Earlier this month, Coca-Cola announced it would produce its first ever alcoholic drink, an alco-pop to be launched solely in Japan. The idea is to tap into the lucrative market for chu-hi, canned fizzy drinks given a kick with a local spirit called shochu. The world’s largest soft drinks company making its move into this sector is significant, and symbolic of many other western brands trying their luck in the Asian alcohol world where huge brands such as Asahi, Kirin and Suntory already have a presence. But how do you design the branding and packaging for a product aimed at a firmly established market on the other side of the world, as well as back home? Here to enlighten us is Dylan Griffith, co-founder of Cardiff and Amsterdam-based design studio Smörgåsbord, which recently collaborated on the creation of the first European-made soju, Wihayo.
I should start with a quick explanation of the differences between Korea and Japan’s principal alcoholic beverages. I’ll begin with Korean soju. Soju is the world’s most popular spirit you never knew existed. It’s the number one-selling liquor by volume, (incredulously more soju is drunk globally than vodka), yet its profile is surprisingly low outside of its native Korea. This is set to change with the rising popularity of Korean cuisine, a renewed interest in artisanal, premium spirits and a recent shift towards lower proof drinks.
Soju should not be confused with shochu – a Japanese spirit typically distilled from rice, barley, sweet potatoes, buckwheat or brown sugar. And finally, there’s the best known alcoholic drink from Japan, saké, a Japanese rice wine, (often drunk warm), made by fermenting rice that has been polished to remove the bran. Unlike soju and shochu, saké is produced by a brewing process more akin to that of beer, as opposed to distillation.
Wihayo is the first triple distilled premium soju to be made in Europe and marks Smörgåsbord’s first collaborative venture into product development with Korean/Dutch author and foodie Nathalie Ji-Yun Kranenburg. Made with fermented rice and malted barley this soju’s uniqueness lays in the fact its core ingredient, rice, is ground by a Dutch windmill dating from 1785 and it’s created with distilling equipment normally used in the production of Dutch Jenever; a true fusion therefore of east and west.
Our design challenge was to create an aesthetic that reflected and attracted both eastern and western cultures while not alienating either; drinkers (and thinkers) aged between 25 – 50 from Amsterdam to London, NYC, LA and Seoul. Essentially, introducing a lot of people to a new product, while also respecting the audience that know full well what they’re buying – and attracting both. We honed in on a minimalist and utilitarian identity built on craft, neatly summarised in the brand’s marque – itself a representation of wind power and rice grains, Wihayo’s principle ingredients.
We coined the name Wihayo, which derives from the word Wihayeo – a phrase used by young Koreans when they “cheers” before drinking soju – “for you” in Korean. Then came the bottle colour – despite originally toying with a clear glass bottle we stuck with green glass (as the colour equates to health in Korea) but opted for a deeper and richer hue than that used by the big Korean soju brands. The screen-printed 700ml apotheek-style bottle is sealed with a black walnut stopper, laser engraved with the brand marque. This is more in line with a gin bottle for the Western consumer. Most Korean soju brands opt for a 375ml bottle that looks similar in profile to a beer bottle.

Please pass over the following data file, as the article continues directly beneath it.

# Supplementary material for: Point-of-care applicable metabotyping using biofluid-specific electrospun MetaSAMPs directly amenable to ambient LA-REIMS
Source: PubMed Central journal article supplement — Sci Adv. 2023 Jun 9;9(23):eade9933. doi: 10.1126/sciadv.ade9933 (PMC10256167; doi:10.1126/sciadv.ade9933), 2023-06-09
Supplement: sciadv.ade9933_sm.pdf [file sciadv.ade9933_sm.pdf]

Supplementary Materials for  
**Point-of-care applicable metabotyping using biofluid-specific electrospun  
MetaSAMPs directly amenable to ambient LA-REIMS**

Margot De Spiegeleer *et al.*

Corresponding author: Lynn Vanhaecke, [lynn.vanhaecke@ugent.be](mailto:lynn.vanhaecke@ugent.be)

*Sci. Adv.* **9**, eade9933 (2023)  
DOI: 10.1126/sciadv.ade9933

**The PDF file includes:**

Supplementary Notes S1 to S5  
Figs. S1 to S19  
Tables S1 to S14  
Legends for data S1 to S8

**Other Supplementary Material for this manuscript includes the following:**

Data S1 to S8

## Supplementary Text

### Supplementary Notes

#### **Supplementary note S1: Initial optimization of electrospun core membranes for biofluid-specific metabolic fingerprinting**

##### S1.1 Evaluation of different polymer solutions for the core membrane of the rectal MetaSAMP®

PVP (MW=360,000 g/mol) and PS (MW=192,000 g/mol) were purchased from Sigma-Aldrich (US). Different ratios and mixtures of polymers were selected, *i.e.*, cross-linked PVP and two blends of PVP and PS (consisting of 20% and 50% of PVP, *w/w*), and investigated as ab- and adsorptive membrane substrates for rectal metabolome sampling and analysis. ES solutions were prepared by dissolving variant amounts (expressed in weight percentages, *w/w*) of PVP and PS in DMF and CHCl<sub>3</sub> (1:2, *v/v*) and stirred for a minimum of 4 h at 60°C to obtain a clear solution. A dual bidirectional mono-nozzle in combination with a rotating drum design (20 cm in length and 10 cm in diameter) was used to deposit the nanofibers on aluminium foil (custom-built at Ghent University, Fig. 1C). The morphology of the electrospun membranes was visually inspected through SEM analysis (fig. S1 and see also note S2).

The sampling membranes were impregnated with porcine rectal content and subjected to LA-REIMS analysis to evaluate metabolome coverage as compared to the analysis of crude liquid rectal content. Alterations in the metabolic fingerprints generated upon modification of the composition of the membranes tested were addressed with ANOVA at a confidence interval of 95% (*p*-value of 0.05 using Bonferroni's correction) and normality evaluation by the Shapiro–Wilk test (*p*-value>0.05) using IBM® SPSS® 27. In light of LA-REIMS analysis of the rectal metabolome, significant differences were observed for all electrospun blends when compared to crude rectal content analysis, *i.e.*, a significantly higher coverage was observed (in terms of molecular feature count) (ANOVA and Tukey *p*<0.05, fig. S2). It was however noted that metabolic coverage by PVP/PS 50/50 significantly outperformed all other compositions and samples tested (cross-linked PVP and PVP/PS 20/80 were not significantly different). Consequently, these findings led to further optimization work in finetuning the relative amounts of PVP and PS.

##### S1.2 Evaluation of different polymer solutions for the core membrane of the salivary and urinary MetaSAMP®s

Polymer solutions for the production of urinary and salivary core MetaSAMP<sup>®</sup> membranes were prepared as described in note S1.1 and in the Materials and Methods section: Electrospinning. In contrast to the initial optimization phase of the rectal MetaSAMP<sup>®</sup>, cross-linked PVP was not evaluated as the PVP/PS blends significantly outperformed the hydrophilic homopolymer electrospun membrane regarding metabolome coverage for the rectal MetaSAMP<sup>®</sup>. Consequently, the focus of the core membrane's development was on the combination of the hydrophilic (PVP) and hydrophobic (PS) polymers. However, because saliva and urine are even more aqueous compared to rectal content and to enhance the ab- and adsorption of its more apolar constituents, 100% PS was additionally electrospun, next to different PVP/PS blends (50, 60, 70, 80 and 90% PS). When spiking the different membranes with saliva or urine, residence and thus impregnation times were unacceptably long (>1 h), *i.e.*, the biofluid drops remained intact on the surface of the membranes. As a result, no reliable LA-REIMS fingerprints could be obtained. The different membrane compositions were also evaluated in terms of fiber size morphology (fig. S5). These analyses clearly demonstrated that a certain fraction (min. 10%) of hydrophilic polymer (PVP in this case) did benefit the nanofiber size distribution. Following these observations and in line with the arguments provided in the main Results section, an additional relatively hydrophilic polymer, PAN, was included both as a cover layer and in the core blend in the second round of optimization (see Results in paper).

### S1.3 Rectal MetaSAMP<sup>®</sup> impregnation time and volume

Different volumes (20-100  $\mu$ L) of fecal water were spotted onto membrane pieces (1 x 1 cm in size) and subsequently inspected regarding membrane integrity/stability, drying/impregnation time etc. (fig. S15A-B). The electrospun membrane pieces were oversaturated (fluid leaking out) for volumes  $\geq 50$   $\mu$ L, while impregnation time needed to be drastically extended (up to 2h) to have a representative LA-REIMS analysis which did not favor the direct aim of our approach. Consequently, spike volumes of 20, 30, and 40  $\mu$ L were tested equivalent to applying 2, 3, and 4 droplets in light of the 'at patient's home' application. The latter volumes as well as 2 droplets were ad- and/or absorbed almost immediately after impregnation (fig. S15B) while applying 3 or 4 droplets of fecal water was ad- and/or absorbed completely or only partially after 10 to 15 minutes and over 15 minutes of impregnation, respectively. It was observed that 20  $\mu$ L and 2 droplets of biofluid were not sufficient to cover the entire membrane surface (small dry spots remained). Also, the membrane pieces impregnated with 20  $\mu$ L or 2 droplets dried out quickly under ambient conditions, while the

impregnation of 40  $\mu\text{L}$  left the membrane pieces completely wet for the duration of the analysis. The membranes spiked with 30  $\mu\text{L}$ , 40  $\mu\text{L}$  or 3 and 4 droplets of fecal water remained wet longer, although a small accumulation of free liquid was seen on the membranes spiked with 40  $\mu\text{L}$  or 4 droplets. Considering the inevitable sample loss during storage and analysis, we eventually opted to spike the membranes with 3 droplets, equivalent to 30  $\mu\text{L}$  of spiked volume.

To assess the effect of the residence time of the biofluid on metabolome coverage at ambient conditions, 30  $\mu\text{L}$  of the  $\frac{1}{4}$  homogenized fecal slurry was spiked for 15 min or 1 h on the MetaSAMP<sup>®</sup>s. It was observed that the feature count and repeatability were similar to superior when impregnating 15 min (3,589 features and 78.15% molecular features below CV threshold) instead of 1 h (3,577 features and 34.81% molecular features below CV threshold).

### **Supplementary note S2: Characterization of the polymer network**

All copy is bilingual (English & Korean) and is screen-printed directly onto the bottle. A feature of the screen-print is a gauge that allows bar staff to check consumption as soju is often left with customers on the dinner table to be consumed with food. We also produced an accompanying grey kraft tube as gifting is intrinsic in Asian society. The copy from the front of the bottle is replicated in the exact position on the kraft tube and is applied as a white foil for consistency.
For the brand launch film we created a distinctive illustration and animation style informed by K-pop and Korean graphic design. The core colour palette is based on the shared colours of the Dutch and Korean flags as well as the iconic green Wihayo bottle. An accessible and resonant aesthetic that delivers our client’s compelling and emotive story in a memorable manner. Wihayo is setting off on a journey to rouse its spirit from west to east.
- Remember the pre-stage nerves and backstage stress in Alexander Coggin's photos of children's theatre
- Books From the Future talk us through its workshop on disaster in contemporary culture
- Molly Bounds paints intimate moments of quiet contemplation
- Friday Mixtape: Grand Union Orchestra's founder curates us a mix on the theme of migration
- Flat-e tells us how it made a visual interpretation of Daniel Avery's record in its entirety
- Girma Berta authentically captures the people of Addis Ababa with an iPhone
- Introducing The Graduates class of 2018!
- Graphic designers Dorothy comprehensively map out the history of club culture
- Meet Adelia Lim, a graphic designer not afraid to poke a little fun at the industry
- Can Yang's graphic design style is deep-rooted in her Chinese heritage
- New Zealander Luke Hoban designs websites that not only have form and function, but flair
- Jackson Joyce's melancholic illustrations inspired by childhood nostalgia